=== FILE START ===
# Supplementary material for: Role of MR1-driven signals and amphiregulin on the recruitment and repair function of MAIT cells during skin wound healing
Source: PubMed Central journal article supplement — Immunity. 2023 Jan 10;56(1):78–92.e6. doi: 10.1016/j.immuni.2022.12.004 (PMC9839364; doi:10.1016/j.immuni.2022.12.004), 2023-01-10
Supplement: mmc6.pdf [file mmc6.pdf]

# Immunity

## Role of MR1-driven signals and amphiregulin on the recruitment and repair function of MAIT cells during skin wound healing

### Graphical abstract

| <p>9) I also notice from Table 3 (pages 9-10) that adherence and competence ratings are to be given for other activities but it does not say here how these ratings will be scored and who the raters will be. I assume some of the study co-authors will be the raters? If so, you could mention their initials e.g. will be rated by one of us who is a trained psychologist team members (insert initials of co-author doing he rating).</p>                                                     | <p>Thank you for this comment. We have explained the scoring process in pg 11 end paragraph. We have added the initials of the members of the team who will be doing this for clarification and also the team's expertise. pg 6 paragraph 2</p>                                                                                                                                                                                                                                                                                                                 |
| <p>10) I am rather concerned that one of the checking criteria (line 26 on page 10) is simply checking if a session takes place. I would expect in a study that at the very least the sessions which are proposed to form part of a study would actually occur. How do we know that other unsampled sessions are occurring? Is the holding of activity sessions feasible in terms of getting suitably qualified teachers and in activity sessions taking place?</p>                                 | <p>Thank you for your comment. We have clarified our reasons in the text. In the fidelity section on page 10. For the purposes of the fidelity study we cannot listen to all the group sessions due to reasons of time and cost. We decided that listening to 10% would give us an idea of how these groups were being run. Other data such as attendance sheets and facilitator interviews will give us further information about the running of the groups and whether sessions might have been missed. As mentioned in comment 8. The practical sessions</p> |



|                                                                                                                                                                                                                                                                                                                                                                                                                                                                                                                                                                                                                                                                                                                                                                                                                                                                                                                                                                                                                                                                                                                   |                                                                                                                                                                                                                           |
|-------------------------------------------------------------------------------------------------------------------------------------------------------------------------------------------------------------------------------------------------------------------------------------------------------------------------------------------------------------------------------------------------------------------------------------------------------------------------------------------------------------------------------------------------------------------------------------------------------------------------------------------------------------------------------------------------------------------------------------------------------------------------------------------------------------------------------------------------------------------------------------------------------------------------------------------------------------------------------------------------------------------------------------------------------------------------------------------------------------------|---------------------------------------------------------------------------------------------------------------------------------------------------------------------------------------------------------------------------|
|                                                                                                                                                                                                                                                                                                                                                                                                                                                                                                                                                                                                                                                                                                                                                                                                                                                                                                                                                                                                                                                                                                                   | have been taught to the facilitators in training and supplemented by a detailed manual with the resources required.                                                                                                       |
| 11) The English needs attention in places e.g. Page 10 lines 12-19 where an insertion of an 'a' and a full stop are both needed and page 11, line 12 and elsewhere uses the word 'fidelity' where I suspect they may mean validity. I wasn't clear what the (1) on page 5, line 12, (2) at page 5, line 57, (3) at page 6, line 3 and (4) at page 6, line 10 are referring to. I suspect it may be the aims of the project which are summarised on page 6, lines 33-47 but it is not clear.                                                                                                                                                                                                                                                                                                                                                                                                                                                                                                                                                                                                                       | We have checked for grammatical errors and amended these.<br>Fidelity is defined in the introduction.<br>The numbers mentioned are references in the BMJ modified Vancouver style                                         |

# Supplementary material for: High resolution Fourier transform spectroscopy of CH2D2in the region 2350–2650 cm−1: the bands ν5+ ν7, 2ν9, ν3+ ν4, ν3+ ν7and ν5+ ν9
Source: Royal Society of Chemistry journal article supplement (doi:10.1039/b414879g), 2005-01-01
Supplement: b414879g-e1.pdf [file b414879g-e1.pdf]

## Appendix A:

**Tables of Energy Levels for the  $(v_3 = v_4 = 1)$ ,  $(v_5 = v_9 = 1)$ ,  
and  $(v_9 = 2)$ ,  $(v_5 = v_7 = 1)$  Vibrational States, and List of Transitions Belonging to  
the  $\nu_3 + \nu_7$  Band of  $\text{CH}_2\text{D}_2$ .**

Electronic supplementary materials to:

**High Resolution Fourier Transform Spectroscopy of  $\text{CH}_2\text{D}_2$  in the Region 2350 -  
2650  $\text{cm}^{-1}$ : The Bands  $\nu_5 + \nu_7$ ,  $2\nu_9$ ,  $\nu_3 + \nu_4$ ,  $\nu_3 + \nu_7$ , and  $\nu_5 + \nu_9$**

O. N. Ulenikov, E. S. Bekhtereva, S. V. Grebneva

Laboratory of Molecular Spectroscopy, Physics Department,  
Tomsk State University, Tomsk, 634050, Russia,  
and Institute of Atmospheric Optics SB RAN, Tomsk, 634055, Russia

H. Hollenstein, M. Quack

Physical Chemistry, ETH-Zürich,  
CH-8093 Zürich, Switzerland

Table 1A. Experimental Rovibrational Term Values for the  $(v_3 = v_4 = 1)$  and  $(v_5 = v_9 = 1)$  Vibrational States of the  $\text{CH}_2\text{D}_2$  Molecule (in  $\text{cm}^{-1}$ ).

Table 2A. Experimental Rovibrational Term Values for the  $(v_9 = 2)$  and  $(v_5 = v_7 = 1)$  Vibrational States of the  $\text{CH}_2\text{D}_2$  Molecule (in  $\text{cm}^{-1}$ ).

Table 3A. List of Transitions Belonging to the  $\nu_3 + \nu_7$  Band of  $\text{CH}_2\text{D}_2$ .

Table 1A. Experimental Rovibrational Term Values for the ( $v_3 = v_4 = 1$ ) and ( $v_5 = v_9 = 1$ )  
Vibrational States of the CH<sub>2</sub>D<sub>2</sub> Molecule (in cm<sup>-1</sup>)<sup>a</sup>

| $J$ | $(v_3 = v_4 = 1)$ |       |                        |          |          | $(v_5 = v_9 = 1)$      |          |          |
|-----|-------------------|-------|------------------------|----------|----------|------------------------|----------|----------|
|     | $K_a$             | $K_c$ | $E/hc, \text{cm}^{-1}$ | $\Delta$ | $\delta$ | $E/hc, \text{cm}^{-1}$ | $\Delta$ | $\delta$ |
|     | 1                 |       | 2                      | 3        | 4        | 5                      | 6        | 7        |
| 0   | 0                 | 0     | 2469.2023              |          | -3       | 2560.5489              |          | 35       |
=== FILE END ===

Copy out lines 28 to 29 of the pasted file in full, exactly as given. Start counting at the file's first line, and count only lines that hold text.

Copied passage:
Physical Chemistry, ETH-Zürich,  
CH-8093 Zürich, Switzerland